Rob Kirkwood and Paul Knight are standing at the edge of Capitol Lake, arms folded admiring the changes at the Old Olympia Brewery Tower. “They put the flag back up this morning just to signify the resurgence of the restoration of the old brewhouse,” explains Paul. Both men fall into silence. “That’s a good thing,” Paul adds.
For Rob and Paul, any progress is good news.
These two are the backbone of the Old Brewhouse Foundation. Together, and with a handful of other community supporters, they have been working toward saving not only the tower, but also the keg house and three other surrounding buildings.
Paul is the last head brewer for the long-closed Olympia Brewery and Rob is a retired engineer who worked on numerous historic restoration projects for the parks department. Between them, they share a vision of the future of the brewery that does not include cookie-cutter shops or high-priced condominiums. Instead, they propose a public space where visitors experience history, art, and learning in a linked complex.
A Creative District Next Door to a Craft District
The City of Tumwater is creating a Craft District that could house various elements of the craft beer industry and has started work above Tumwater Valley. The city also owns the historic Brewhouse Tower and work is proceeding slowly on that iconic landmark, but the adjacent buildings remain an abandoned eyesore. Like many relics of manufacturing, the scope of the project is too much for most investors to even consider. Instead, the Old Brewhouse Foundation wants the investors to be county residents.
They are proposing a trolley link that would stretch from Percival Landing to Pioneer Park in Tumwater with the brewery acting as one of the main destinations for residents and visitors alike. Rob and Paul have spent countless hours reimagining this space into a creative district. Not only in private, putting numbers and proposals together, but also out talking to folks with their Old Brewhouse Trailer Display.
This exhibit is like a mobile mini-brewery museum with historical photos and memorabilia on one side and on the other a history of the Squaxin Tribe and their use of the waterway below and a smokehouse that was originally on the site of the Old Brew House.
Paul, Rob, and other volunteers visit festivals and gatherings across Thurston County talking with the community and gaining support for their project. The core of the group, Paul the brewer and Rob the engineer, both bring important elements to the project – one knows about the building and the history and the other how to renovate and reimagine it.
Just speaking with Paul, as he shares his knowledge of the Olympia Brewery and the local economy, is like a living history lesson. Interesting details are sprinkled throughout Paul’s conversations, like tales of the hops grown in nearby South Union and Chehalis Valley for use in Olympia Beer preceding those from Eastern Washington. “Now,” says Paul, “there’s a couple farms in Adna which are down west of Centralia-Chehails and they’re growing some barley for malting purposes. This week, we brewed some beer at Well 80 using malt from Adna.” Pausing, he muses, “Many parallels, different time, different volumes, different scale. But things are kind of repeating themselves.”
For Rob’s part, his work on historical sites that utilize existing buildings reinvented into vibrant and integral parts of the community is the basis for his vision. Anyone who has visited Fort Worden in Port Townsend (which Rob helped create) can understand the lens through which he views the Old Brewery, even in its current state. “I would like to see the community own it,” explains Rob. “Our concept is of a public gathering space, museums, art galleries, what we call quality of life facilities, that can be put into the brewhouse and the surrounding buildings.”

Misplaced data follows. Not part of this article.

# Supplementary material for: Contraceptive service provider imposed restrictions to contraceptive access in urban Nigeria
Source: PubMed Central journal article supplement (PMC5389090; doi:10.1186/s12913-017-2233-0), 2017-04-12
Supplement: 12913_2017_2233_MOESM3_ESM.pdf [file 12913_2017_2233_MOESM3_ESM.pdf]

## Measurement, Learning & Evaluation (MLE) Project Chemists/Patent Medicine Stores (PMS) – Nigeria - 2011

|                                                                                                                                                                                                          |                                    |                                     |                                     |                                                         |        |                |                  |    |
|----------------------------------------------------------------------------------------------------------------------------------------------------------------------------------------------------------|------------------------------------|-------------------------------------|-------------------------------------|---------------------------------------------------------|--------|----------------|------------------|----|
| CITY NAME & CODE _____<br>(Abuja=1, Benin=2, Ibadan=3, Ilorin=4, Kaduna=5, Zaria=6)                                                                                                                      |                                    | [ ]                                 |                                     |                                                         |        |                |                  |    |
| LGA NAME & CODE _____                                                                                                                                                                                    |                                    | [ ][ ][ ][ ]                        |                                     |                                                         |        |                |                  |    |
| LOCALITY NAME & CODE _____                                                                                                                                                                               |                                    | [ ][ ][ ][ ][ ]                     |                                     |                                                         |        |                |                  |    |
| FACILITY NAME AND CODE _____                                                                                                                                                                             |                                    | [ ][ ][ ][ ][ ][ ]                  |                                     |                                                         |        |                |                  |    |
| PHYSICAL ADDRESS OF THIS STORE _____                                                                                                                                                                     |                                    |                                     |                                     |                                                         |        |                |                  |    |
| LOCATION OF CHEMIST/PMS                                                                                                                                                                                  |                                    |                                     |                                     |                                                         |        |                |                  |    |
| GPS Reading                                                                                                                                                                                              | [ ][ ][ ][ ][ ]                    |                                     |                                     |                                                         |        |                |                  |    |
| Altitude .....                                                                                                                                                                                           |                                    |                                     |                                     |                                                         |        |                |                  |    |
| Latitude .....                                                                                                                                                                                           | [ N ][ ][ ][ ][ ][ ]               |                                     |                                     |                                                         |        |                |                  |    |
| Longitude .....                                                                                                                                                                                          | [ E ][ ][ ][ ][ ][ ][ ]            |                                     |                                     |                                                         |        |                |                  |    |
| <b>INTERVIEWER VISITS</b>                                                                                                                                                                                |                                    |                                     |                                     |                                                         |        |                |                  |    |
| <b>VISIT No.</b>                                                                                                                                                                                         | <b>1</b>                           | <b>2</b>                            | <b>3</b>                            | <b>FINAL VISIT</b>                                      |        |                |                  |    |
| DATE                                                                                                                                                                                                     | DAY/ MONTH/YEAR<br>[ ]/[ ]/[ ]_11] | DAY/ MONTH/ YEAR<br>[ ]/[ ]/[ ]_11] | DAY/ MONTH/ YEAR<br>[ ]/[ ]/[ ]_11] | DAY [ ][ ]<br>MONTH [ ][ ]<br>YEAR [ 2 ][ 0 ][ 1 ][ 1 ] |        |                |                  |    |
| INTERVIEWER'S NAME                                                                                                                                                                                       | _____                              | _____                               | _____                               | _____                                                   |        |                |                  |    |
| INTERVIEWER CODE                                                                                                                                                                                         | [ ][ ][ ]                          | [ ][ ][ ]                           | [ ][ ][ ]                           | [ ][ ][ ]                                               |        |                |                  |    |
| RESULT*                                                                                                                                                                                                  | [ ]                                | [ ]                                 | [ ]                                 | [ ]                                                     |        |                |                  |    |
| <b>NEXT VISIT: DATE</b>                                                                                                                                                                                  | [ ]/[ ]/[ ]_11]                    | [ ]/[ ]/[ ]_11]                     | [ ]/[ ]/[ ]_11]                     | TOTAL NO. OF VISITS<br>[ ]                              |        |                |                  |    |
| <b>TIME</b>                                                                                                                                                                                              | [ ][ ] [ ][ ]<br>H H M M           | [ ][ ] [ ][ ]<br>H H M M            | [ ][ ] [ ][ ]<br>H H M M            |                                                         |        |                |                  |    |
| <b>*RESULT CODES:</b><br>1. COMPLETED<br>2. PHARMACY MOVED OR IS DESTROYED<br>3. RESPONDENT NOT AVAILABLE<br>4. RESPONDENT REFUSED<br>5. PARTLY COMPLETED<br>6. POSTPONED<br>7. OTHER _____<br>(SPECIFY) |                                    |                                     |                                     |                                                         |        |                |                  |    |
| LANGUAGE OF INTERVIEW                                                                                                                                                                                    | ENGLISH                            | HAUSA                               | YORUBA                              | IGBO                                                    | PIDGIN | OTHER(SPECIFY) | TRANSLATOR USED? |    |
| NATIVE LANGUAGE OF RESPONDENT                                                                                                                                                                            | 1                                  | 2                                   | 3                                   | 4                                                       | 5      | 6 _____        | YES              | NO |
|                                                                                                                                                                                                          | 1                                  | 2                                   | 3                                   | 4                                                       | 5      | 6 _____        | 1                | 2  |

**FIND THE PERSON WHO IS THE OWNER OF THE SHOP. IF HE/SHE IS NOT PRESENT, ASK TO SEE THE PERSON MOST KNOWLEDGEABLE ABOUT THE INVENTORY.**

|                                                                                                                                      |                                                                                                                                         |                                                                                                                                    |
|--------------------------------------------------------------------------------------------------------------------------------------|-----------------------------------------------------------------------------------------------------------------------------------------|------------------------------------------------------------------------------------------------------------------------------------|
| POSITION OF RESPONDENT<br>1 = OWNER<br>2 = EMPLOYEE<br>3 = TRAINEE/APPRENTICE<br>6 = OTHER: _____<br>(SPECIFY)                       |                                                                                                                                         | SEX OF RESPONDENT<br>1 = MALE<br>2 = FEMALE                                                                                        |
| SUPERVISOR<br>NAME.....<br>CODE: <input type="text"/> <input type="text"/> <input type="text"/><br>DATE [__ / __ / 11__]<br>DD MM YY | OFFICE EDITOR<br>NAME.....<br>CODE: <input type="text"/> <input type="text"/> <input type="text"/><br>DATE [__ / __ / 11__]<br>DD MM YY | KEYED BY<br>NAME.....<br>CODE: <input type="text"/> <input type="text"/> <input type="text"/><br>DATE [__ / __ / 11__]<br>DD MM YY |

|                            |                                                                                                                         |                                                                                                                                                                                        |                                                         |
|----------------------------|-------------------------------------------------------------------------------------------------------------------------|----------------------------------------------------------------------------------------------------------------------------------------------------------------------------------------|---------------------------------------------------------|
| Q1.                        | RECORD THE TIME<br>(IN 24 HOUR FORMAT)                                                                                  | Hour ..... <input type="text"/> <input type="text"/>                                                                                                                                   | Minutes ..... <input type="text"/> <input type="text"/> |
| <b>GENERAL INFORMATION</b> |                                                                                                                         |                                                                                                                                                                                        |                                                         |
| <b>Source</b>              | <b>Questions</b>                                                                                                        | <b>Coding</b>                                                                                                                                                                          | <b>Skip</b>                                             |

Time to Get the Facts
“So the next step,” says Rob firmly, “is to get the county commissioners to approve a study, hopefully with the cooperation of the port.” Last October, he and Paul presented their plan to the county commissioners hoping to get a feasibility study underway – there has been no word yet if that is under consideration.
But patience seems to be key for the group, they have been working on this concept and presenting their ideas since 2005. Along with their proposal, they have been involved with stabilizing the tower and, with the help of other volunteers, hauling brick by the bucket to shore up the damage. While the tower is the iconic piece to the complex, the group sees the adjoining five acres as integral to their plan.
“The tower is only 10,000 square feet and it’s six stories tall,” says Paul, “very hard to rehabilitate, very hard to access. The rest of the facilities are 100,000 square feet. So we really need those other buildings.” The other buildings Paul is referring to include a warehouse, two storage houses, and the keg house. Including these buildings in their plan also creates a buffer for the tower. “The current owner would like to develop more buildings around that,” says Rob, “and we feel like the impact of the site would overwhelm the significance of the original structures.”
It is difficult to imagine now, with the beautiful backdrop of trees and foreground of water. But not impossible.
A Commitment to the Future
Both Rob and Paul were at the flag raising earlier that morning. “There were four from our group and four or five from the retired carpenter’s union,” says Rob looking across the lake. “We picked up three new members.” This is how their project has been building over the years. A person here, a sponsor there. Donation of building materials, the use of a crane, architecture plans, funding. Others see in these two a commitment to the future.
“An awful lot of America is based on our immediate returns and we’re talking about a facility that will be here for generations.” say Rob. “We’re actually doing this for our grandkids.”